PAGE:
You can’t always get what you want

The Awa Book of New Zealand ScienceHot Topic didn’t win the Royal Society of New Zealand’s first Science Book Prize: the cheque went to Rebecca Priestley, who compiled and edited The Awa Book of New Zealand Science — a very worthy winner. I had a glass of wine with Rebecca before the event, and we were both picking other books to win. We were both wrong… The judges said some very nice things about HT, which I’ll stick up in the sidebar when I can remember what they were, but the real honour was in being shortlisted.

Apart from the excitement of the presentation, the evening’s highlight was an amiable Sean Plunket pressing Richard Dawkins on which religion he’d choose if his life absolutely depended on it. After no more than moment’s thought Dawkins revealed himself to be a Pastafarian: a devotee of the Church of the Flying Spaghetti Monster. The author of The God Delusion prefers a delusional god…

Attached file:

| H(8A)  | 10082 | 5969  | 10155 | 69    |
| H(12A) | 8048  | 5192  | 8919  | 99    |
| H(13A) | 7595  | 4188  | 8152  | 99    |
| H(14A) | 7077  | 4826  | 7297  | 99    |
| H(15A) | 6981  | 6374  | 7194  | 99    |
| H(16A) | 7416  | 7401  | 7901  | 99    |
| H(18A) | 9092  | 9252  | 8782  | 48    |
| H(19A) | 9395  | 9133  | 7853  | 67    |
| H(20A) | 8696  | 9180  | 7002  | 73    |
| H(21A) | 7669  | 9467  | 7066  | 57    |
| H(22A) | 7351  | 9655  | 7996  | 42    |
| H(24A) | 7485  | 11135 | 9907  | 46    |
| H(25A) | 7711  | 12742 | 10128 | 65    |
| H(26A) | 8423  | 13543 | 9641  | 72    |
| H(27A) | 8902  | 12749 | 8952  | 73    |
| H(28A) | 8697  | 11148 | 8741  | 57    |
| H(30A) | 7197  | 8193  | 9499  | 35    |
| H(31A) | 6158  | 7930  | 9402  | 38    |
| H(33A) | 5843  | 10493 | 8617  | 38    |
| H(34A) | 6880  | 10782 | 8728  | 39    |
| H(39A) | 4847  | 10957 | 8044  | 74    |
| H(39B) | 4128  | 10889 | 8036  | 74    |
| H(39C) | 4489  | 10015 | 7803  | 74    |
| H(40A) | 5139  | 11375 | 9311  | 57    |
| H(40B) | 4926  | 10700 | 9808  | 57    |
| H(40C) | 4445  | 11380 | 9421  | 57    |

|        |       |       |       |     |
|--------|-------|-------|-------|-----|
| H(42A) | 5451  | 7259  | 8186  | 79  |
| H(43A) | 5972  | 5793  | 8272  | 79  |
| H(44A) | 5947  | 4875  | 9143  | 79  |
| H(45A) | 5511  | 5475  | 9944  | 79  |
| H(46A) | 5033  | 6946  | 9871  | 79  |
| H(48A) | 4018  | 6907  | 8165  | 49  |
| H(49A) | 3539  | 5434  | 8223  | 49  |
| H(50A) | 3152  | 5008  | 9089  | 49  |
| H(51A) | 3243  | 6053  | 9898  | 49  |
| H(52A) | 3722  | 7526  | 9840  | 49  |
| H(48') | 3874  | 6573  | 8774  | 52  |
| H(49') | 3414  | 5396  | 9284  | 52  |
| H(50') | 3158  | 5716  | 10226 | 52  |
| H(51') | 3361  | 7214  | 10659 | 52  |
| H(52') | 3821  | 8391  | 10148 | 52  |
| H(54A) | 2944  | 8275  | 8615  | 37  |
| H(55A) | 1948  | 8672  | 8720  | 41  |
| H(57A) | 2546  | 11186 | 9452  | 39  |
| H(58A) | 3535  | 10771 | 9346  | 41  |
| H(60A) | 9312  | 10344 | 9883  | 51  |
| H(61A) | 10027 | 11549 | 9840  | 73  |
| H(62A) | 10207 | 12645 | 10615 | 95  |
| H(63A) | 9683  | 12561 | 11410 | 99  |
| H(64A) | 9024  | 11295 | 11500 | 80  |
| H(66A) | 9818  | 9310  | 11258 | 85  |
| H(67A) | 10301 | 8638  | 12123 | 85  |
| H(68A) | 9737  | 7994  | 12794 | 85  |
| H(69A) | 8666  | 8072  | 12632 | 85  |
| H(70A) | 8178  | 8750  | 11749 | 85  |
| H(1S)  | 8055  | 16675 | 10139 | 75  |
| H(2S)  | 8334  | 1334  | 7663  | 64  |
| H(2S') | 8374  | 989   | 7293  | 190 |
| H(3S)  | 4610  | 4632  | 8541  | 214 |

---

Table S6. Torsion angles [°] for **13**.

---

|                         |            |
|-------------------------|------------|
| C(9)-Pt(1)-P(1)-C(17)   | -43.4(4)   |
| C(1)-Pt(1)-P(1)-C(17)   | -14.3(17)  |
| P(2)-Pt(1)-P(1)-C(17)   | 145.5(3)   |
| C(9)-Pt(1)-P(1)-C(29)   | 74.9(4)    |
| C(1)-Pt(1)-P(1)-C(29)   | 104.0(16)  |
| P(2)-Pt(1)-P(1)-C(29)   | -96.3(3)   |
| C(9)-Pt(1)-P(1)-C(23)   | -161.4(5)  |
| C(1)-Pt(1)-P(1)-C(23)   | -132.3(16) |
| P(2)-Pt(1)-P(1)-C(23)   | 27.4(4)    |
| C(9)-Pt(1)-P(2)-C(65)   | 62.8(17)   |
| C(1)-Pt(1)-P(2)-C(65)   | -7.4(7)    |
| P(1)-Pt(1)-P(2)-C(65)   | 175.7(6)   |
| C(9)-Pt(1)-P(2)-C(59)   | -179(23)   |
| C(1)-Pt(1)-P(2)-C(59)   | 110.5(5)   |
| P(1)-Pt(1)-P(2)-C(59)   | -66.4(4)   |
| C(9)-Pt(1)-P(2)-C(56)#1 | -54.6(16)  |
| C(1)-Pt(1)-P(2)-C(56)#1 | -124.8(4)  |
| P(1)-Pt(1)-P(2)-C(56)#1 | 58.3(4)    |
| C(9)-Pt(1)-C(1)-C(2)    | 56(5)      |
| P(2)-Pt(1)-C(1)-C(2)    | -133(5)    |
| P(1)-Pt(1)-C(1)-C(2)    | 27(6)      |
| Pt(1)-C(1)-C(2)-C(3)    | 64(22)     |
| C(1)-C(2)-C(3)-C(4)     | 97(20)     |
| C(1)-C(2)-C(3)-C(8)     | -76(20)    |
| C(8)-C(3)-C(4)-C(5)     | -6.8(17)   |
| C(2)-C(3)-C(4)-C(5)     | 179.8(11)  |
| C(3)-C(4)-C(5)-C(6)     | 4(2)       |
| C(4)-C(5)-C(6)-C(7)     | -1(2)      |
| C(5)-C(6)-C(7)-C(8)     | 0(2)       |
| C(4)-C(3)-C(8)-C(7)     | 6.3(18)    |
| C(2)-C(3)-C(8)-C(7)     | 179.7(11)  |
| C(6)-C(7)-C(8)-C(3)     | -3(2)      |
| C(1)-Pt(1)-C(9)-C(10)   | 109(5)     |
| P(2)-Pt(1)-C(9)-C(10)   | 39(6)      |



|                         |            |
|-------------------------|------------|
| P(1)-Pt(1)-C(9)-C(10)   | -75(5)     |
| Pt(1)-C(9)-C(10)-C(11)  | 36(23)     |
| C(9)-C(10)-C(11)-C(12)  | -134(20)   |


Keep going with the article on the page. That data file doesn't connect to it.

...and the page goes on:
[Update 18/5: Kathyrn Ryan interviewed Rebecca Priestley on Nine To Noon this morning: audio here.]

[Stones (not obscure at all, StephenR)]

6 thoughts on “You can’t always get what you want”

  1. All the short listed were good, Gareth, and the final choice could have been any of them depending on the criteria used. So, I think the real honour was getting into the short list.

    I was surprised at Sean Plunket interviewing Dawkins. He is so confrontational on Morning Report (and this usually gets in the way) I wouldn’t have chosen him myself for this job. However, he seems to have done it well – at least I have not heard any complaints.

  2. Sean was actually quite avuncular. He did press Dawkins on a few things — on (any) religion’s lack of redeeming features, the indoctrination of children being akin to child abuse and so on — but was genial throughout. There was fairly regular laughter…

  3. I was there with Gareth and, on reflection, I think Plunket’s interview was lame. I learned nothing about Dawkins’ career, his science, his life, his views on anything other than religion, his epistemology or his thoughts on any of the latest discoveries about human evolution. I would have been interested to know what he makes of climate change or of teahing science to kids or the state of science writing.
    Apart from catching up with Gareth and seeing my friend Rebecca win, it was a bore.

Leave a Reply